had been dull and as dark as slate when she finally opened them that
morning: or so Gabrielle had feared.
That was too close, she thought tiredly. Way too close. Some of the
other victims, villagers selected as propitiatory sacrifices, or
travelers tricked up there in their place, had not survived. Several
times, and she still felt nausea as she remembered this, she had heard a
damp slap as bones still wrapped in rotting flesh slumped out . Other
stones had dissolved to release people so lost in themselves that
nothing could reach them, or so demented that they could not be calmed.
One had burst out of the stone circle and was, even now, being sought by
his grieving relations. Perhaps the Gorgon had been right. Perhaps there
had been no way of rescuing them after all. Perhaps not even Xena. Panic
rose in her and she closed her eyes.
"Hey." She felt something brush her finger tips and
realised that Xena had relieved them of the marzipan titbit, was
crumbling it between her own fingers. She also realised she was being
studied closely. "Thatís enough of that," Xena said. Her
tone was suddenly animated and firm. "Unless youíre sorry you got
me out of there." She raised an eyebrow dramatically.
"Course I am. Whatís it going to get me, after all? More
blisters on my feet, more fish in my face, more knives at my throat.
More ambushes. More brushes with the gods. I can hardly wait." But
Gabrielle felt tears prick her eyes all the same. Youíre
over-tired: canít you take a joke now? She looked away abruptly,
concentrated on the view through the window. What there was of it. It
was night again. Despite the candle light in their room she could just
make out stars, sprinkling the sky like grains of salt.
"Hey," Xena said again. She was still looking carefully at
the bardís face. "Itís over. Everythingís ok. Even this
pathetic excuse for a village. And itís all thanks to you."
Well, the mayor had gone, and the Gorgonís stone was buried deep
under the grass of the enclosure. That was something. Gabrielle turned
her head back and shook her head at the warrior. Then she summoned her
determination and made herself smile. "Just shows you how desperate
things had got."
"No." The force behind the word startled her. "No, donít
you do that." When Gabrielle went still and the tears sprang again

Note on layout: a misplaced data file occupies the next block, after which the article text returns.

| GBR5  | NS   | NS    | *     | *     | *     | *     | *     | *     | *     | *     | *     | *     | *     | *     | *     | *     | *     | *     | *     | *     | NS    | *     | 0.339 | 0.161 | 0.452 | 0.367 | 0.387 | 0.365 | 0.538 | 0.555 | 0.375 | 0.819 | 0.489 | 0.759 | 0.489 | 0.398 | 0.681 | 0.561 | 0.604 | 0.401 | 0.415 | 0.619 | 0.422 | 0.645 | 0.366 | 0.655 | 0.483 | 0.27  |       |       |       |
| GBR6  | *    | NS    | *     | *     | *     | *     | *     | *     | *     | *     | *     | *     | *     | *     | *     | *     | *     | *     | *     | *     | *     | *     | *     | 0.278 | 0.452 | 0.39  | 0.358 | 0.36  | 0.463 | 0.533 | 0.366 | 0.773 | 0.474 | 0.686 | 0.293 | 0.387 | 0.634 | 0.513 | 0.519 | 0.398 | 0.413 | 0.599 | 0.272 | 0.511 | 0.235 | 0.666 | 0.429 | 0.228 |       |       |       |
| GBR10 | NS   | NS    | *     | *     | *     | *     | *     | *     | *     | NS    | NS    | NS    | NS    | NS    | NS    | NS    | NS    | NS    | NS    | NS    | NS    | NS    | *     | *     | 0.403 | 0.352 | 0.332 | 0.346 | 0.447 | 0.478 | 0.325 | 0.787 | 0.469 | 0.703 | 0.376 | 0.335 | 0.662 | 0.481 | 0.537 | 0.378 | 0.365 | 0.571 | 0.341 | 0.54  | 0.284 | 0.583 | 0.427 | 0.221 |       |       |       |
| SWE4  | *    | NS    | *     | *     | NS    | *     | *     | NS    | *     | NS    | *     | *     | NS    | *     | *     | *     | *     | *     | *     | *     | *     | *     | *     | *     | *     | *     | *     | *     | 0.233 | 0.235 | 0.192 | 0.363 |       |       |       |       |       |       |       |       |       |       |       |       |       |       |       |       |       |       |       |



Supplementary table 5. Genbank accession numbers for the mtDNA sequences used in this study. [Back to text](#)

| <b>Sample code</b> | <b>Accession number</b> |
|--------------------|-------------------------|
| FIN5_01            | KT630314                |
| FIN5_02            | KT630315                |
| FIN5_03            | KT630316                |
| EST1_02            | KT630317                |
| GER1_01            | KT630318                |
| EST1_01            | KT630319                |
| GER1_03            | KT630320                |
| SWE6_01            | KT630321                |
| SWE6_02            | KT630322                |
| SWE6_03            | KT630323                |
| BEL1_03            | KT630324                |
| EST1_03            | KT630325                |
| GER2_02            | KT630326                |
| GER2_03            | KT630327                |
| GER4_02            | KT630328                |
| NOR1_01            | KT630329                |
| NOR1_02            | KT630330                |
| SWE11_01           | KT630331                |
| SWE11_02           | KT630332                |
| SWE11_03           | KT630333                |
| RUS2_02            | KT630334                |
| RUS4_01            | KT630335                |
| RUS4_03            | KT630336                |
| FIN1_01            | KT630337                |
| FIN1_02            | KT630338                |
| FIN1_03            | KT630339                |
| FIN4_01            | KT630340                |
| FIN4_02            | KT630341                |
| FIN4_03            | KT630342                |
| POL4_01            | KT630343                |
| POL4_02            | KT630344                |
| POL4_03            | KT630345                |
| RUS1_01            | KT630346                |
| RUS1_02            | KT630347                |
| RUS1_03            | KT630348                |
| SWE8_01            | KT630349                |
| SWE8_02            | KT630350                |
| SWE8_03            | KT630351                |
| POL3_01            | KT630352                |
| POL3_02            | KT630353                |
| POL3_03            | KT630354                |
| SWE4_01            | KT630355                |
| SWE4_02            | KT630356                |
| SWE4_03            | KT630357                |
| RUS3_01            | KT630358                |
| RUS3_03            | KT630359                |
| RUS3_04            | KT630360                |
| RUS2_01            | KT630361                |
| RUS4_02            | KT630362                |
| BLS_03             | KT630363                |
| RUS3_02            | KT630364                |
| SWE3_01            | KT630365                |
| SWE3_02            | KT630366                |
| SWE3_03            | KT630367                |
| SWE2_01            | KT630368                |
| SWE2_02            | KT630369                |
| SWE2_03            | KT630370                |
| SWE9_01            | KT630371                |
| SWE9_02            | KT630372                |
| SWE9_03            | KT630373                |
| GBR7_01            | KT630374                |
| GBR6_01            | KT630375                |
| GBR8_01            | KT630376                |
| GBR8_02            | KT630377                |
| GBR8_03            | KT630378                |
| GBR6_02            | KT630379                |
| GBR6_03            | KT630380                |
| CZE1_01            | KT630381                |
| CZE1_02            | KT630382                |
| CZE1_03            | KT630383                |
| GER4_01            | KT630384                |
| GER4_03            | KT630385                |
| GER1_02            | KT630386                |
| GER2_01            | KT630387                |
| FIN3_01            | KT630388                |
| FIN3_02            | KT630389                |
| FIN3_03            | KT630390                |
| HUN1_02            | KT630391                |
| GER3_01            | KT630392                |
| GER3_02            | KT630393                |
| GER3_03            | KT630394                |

to her eyes, Xena lent forward and placed a large hand on either side of
her face. "Donít you go running yourself down," she said,
her voice very quiet now. She caught Gabrielleís gaze and held it.
"We were all lucky to have you, and donít you forget it."
Something swelled in Gabrielleís chest and closed her throat.
Whatever was in her face made Xena lean still closer and say, very
softly, "Iím ok. Really. You got me through it. I never felt
completely alone: I could always feel you, near by."
Yep. Like hare bells, I was right. Gabrielle searched Xenaís
eyes just as thoroughly as Xena was searching her own. Okay. We got
lucky. Sheís all right.
The tears escaped then, and Xena caught them on her thumbs, rubbing
them away. "Nothing to say?" She had lightened her tone. Now
she sounded gently teasing, though her face was still serious,
concerned. And something more. "That was a compliment, and you
richly deserved it. So say Ďthank youí."
Gabrielle felt a bubble of genuine laughter rise inside her and
dispel the last shadow of fear. She brought her own hands up to cover
Xenaís. "Thank you," she repeated obediently. Her face lit
with a delighted grin. "Anything else youíd like me to do?"
Xena smiled back. Then, unexpectedly, she sobered. Her hands dropped
and she looked away and looked back. Gabrielle could see her throat
working. When her smile stiffened and she said, "Iíll get back to
you on that," Gabrielle knew it was not what she had wanted to say.
"Right. Iíll stick close till you think of something, donít
you fear." She reached out and clasped both the warriorís hands
in her own, letting the gesture say the rest.
Xenaís smile softened again, lit her face. Her long fingers
intertwined with the bardís. "You do that," she said, in